Presented by Denise Doz to the Calgary Women’s Literary Club
October 20, 2020
Alan Stewart Paton (11 January, 1903-12th April, 1988) lived and wrote at a time when the brutal policy of Apartheid was being implemented and became law. The minority white population in the country created an oppressive regime noted for the cruelty and suffering experienced by the majority black population. The dominant culture in the country was one of racism, exploitation, and intimidation, all familiar events in the daily lives of the tribal people.
Several forces combined to stir Paton to use his pen as a voice of protest against these policies. His narrative was embedded in his love of nature and the special devotion he held for his land of birth. As a devout Anglican Christian, he threaded examples of how the transformative practice of brotherly love, agape, yielded acts of compassion that would become the fertile ground needed to improve understanding among people. He believed that this would grow into the collective mindset necessary to remove the moral blindness that empowered Apartheid in a country where the leaders claimed to be Christian. Agape, not violence was the answer.
In his seminal novel, Cry the Beloved Country, in Too Late the Phalarope, as well as in numerous articles, it is apparent that Paton was gifted with a way of seeing that flows into his writing. His words come from his soul, from his mind, and from his heart. This combination forms a powerful holistic vision of society, a special way of seeing people, issues, society and culture through a sensitive and caring lens. He draws from his own journey to paint “wordscapes” rich in lyrical prose, characters both simple and complex, plots that go from the deepest well of the heart to the highest mountain of the spirit. His vault of literary tools overflows with techniques used to wrench the heart, grow the mind and feed the soul. He uses conflict, both inner and external, he uses struggle, both against a physical urge or a system of racist exploitation, and he uses family, both tribal and universal. True to his purpose, he uses examples of agape as a vibrant thread through much of his writing.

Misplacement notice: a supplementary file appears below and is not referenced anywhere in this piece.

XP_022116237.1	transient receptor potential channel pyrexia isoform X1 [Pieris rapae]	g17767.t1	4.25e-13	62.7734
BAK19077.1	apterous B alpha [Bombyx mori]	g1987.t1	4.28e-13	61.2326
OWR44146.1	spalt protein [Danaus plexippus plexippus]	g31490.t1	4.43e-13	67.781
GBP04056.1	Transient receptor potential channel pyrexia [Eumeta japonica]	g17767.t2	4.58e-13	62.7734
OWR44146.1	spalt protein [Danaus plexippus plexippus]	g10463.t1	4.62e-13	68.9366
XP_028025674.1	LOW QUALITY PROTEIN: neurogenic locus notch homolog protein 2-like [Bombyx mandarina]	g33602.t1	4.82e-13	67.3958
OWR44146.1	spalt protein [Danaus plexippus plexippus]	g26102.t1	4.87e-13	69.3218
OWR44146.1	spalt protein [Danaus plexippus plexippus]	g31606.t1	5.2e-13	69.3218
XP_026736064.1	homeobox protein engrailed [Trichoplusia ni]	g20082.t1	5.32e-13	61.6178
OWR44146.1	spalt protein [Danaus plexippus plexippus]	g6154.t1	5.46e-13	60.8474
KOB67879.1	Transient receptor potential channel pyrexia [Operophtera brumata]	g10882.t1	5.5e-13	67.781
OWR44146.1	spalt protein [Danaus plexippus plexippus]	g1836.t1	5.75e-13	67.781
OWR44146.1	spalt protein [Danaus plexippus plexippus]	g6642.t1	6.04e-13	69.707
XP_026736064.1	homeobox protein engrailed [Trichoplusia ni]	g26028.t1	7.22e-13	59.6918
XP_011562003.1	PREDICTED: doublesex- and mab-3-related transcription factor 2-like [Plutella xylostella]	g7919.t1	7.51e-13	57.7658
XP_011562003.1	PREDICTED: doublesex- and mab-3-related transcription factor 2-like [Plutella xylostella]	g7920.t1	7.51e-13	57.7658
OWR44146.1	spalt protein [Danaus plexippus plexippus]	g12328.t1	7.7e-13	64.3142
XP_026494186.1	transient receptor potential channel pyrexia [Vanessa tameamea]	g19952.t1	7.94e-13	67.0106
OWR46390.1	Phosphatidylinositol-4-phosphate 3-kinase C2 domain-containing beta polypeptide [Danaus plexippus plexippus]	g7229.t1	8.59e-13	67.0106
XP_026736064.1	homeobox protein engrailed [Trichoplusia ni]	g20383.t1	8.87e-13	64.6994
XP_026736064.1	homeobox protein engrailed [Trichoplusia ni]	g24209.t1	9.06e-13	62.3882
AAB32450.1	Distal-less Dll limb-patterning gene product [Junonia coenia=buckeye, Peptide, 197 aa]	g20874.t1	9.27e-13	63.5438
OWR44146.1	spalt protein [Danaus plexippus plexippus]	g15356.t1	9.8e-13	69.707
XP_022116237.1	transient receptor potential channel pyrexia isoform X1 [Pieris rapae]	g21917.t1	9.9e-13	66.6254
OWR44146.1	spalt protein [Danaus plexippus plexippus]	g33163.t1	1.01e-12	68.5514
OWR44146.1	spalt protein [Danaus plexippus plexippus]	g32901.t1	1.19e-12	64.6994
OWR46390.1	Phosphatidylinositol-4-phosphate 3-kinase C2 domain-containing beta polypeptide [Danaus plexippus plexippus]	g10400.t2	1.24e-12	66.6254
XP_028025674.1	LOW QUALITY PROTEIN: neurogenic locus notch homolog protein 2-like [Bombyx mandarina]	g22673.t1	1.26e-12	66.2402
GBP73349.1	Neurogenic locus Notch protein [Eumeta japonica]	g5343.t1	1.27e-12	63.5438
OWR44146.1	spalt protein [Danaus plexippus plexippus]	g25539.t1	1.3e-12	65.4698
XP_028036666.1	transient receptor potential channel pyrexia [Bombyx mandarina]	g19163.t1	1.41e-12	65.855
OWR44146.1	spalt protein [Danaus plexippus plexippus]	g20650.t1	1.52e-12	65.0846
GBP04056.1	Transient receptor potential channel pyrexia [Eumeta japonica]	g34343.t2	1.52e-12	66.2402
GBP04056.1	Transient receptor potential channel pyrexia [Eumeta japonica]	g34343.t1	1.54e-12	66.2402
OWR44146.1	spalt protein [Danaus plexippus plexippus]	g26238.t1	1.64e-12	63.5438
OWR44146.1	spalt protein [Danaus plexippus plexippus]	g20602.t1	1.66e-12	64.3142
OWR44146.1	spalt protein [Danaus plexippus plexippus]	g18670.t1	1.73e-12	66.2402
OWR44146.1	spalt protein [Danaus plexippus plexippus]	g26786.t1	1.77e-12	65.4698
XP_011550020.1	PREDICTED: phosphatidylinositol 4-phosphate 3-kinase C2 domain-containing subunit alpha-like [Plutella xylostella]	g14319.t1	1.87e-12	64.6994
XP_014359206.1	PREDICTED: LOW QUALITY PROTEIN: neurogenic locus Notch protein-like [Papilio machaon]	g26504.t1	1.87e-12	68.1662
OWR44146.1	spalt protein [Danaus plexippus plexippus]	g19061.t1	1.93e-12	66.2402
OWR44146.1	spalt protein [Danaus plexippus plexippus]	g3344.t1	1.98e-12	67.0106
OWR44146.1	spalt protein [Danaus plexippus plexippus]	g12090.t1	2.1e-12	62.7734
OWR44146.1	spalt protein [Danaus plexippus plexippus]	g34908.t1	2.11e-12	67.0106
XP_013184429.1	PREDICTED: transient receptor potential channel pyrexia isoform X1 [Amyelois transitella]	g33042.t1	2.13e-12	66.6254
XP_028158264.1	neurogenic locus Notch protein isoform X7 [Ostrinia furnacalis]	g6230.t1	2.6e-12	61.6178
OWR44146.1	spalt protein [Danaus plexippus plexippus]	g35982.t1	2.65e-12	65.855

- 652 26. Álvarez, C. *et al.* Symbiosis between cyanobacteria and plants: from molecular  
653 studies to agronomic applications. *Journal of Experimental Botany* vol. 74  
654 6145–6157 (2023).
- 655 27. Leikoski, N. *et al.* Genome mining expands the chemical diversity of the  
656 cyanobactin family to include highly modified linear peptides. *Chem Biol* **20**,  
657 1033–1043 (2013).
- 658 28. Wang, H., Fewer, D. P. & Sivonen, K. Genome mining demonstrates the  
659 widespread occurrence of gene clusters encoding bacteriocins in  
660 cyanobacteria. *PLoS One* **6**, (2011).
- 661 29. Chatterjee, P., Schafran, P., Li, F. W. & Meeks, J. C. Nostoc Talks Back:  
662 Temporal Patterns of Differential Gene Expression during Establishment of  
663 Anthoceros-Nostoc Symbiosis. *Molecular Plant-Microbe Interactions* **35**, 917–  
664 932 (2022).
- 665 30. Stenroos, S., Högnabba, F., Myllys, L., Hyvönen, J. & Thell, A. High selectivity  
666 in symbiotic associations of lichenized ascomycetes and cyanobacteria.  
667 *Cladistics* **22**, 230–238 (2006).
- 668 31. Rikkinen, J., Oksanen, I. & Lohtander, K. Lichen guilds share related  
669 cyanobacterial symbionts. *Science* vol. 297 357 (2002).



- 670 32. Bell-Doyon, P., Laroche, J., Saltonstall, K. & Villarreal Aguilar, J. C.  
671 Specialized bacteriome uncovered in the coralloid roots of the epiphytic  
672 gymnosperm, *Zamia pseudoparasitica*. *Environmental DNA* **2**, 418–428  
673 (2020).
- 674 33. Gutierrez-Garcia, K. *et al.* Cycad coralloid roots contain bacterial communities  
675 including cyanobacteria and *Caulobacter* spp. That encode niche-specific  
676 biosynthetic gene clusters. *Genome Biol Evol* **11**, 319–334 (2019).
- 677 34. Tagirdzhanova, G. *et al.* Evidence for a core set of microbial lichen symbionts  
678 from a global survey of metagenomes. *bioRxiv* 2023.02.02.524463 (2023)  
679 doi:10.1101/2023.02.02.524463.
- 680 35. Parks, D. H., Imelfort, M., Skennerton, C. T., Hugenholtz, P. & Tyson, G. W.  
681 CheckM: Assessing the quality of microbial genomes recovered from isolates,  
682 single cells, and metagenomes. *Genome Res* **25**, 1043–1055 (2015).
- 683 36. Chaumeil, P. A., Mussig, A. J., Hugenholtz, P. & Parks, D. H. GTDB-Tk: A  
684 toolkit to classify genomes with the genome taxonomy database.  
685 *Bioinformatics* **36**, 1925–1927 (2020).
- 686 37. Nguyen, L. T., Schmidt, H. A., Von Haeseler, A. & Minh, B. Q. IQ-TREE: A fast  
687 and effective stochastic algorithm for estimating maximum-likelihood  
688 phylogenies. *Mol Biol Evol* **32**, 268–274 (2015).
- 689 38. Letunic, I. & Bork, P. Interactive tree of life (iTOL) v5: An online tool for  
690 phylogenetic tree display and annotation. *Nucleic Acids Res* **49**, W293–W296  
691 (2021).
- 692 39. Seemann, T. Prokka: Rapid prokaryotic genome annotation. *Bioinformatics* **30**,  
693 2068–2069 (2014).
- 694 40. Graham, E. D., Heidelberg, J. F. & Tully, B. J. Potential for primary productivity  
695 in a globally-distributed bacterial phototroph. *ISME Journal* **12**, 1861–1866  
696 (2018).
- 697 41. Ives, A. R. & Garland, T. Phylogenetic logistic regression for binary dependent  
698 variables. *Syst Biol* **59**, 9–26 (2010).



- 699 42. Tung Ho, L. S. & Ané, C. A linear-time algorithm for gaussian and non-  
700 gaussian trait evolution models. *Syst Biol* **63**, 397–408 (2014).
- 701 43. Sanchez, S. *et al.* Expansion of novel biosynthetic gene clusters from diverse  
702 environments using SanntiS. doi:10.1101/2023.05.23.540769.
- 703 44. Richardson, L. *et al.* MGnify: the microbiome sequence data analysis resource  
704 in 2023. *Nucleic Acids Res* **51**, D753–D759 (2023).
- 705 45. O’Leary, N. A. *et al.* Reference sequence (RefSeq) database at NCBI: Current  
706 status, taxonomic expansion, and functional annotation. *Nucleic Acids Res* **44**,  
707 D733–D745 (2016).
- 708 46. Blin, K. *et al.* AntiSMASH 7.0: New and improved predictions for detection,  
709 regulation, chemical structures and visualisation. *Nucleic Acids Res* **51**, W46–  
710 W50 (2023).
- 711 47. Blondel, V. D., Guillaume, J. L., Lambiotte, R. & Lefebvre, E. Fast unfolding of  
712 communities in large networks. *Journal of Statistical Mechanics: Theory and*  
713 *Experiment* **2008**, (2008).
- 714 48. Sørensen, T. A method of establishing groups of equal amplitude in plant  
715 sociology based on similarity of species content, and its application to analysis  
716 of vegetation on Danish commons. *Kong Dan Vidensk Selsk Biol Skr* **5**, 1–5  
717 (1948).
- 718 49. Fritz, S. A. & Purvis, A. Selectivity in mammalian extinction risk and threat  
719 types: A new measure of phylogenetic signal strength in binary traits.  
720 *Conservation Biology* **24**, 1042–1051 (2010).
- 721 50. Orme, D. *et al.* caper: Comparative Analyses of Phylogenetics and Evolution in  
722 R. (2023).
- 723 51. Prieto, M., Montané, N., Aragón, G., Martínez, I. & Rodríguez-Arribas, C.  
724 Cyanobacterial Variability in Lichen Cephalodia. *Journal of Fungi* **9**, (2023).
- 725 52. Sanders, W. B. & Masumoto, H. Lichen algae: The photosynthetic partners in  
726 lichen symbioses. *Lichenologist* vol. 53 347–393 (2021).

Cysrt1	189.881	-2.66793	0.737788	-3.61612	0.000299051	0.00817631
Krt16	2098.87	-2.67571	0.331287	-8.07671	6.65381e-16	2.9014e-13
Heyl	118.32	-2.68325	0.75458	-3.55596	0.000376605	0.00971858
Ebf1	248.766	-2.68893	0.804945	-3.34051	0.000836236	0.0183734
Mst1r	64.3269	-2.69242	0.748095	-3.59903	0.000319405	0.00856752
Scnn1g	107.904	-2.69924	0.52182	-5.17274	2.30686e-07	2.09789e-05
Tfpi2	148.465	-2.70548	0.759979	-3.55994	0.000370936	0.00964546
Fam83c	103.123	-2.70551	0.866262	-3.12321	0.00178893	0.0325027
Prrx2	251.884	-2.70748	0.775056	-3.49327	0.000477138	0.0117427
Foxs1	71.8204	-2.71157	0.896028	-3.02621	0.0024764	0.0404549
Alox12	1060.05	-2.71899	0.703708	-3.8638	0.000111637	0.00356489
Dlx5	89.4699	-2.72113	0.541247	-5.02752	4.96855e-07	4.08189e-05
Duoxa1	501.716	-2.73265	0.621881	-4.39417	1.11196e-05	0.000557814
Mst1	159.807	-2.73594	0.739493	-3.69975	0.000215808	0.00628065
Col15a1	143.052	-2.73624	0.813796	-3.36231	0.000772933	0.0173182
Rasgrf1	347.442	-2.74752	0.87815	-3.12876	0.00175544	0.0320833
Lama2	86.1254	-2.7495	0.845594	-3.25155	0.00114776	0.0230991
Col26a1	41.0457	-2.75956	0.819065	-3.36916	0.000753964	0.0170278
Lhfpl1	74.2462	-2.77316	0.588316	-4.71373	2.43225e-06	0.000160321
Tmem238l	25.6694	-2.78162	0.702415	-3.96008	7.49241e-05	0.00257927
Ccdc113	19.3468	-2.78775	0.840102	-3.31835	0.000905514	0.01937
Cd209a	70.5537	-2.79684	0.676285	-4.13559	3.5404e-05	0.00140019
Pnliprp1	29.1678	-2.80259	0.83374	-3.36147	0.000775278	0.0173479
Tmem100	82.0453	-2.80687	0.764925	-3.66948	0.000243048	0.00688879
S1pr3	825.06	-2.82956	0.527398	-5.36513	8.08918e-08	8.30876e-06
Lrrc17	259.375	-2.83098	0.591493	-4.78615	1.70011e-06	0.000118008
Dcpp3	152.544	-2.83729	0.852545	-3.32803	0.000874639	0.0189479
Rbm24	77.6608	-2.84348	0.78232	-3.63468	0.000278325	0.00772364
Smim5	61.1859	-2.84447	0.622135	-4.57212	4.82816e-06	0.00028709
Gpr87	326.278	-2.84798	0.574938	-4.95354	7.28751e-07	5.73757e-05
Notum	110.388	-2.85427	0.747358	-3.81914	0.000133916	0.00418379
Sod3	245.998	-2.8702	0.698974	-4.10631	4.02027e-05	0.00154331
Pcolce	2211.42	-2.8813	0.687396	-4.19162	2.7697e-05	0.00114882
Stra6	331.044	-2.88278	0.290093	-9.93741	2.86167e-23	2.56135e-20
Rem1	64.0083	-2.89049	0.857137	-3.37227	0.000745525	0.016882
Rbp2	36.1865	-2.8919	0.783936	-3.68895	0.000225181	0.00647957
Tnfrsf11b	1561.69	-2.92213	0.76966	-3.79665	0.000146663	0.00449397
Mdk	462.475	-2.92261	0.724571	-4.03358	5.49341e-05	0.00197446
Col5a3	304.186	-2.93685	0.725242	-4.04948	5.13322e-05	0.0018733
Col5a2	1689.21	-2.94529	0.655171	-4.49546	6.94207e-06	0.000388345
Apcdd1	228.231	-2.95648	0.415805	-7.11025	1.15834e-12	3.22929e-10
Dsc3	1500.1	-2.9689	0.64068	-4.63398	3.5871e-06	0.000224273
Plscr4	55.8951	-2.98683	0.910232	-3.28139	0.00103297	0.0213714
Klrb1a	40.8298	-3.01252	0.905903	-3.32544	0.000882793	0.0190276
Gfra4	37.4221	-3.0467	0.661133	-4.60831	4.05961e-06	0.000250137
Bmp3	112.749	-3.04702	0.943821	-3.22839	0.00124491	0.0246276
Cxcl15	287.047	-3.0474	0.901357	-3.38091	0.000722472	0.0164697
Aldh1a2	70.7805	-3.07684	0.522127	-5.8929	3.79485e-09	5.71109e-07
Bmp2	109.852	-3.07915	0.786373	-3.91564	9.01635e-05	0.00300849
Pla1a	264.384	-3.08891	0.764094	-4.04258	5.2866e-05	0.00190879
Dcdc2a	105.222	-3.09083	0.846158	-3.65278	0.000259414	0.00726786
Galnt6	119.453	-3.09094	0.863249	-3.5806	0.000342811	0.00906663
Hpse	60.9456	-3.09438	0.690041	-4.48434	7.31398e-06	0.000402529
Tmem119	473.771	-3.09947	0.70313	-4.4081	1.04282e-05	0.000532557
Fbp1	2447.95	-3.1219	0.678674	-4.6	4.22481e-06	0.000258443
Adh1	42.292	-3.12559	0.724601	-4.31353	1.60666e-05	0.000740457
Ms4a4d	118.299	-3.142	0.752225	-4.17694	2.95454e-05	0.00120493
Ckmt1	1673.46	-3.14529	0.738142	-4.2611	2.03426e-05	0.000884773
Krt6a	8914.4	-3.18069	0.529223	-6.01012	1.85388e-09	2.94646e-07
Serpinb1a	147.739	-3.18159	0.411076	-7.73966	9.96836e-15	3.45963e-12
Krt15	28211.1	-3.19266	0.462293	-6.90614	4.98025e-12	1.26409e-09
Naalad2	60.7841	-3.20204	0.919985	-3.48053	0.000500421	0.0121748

Sources and further reading:
Cry the Beloved Country, Alan Paton, Charles Scribner’s Sons, New York, 1987 Edition.
Too Late the Phalarope, Alan Paton, Charles Scribner’s Sons, New York, 1953
Literary Companion to World Literature, Readings on Cry, the Beloved Country, (Chronology) Greenhaven Press, Inc., San Diego, CA. 2001
Exploring the Relationship Between Paton’s Ideology and His Context Abstract. Lirola, Maria Martinez (University of Alicante, Spain) UDK: 821.111 (680).09 Paton, A. S. Pregledni rad Primljen: 5. 4. 2007. Orihvacen: 5. 7. 2007
Journal “Reality” (see Lirola)
Sparks, Allister”. (1990:214) (Lirola)
“Contact” (Journal) Paton, 1958: 9
Christianity and Apartheid: An Introductory Bibliography. Hexham, Irving Copyright 1980
Whither South Africa? H.E .Keet Stellenbosch University Publishers, 1956
The Bible and the justification of apartheid in Reformed circles in the 1940s in South Africa: some historical, hermeneutical and theological remarks. Vosloo, Robert R. Stellenbosch Theological Journal 2015, Vol 1, No 2, 195-215. On-line version ISSN 2413-9467
Apartheid Legislation in South Africa (http://africanhistory.about.com/library/bl/blsalaws.htm)
Liberal Party of South Africa (LPSAS) Collection in the Archives . Alan Stewart Paton.
Negotiations to end apartheid in South Africa. Wikipedia (http://wikipedia.org/wiki/Negotiations_to_end_Apartheid_in_South_Africa)
Culture. Apartheid ended 29 years ago. How has South Africa changed? National Geographic. Jones, Rachel, April 26, 2019 (https://www.nationalgeographic.com/culture/2019/04/how-south-afric-changed-since-apartheidpborn-free-generation.html)
World Politics Explainer: the end of Apartheid.
Africanhistory.about.Apartheid Legislation in South Africa
Britannica Online Encyclopedia-Apartheid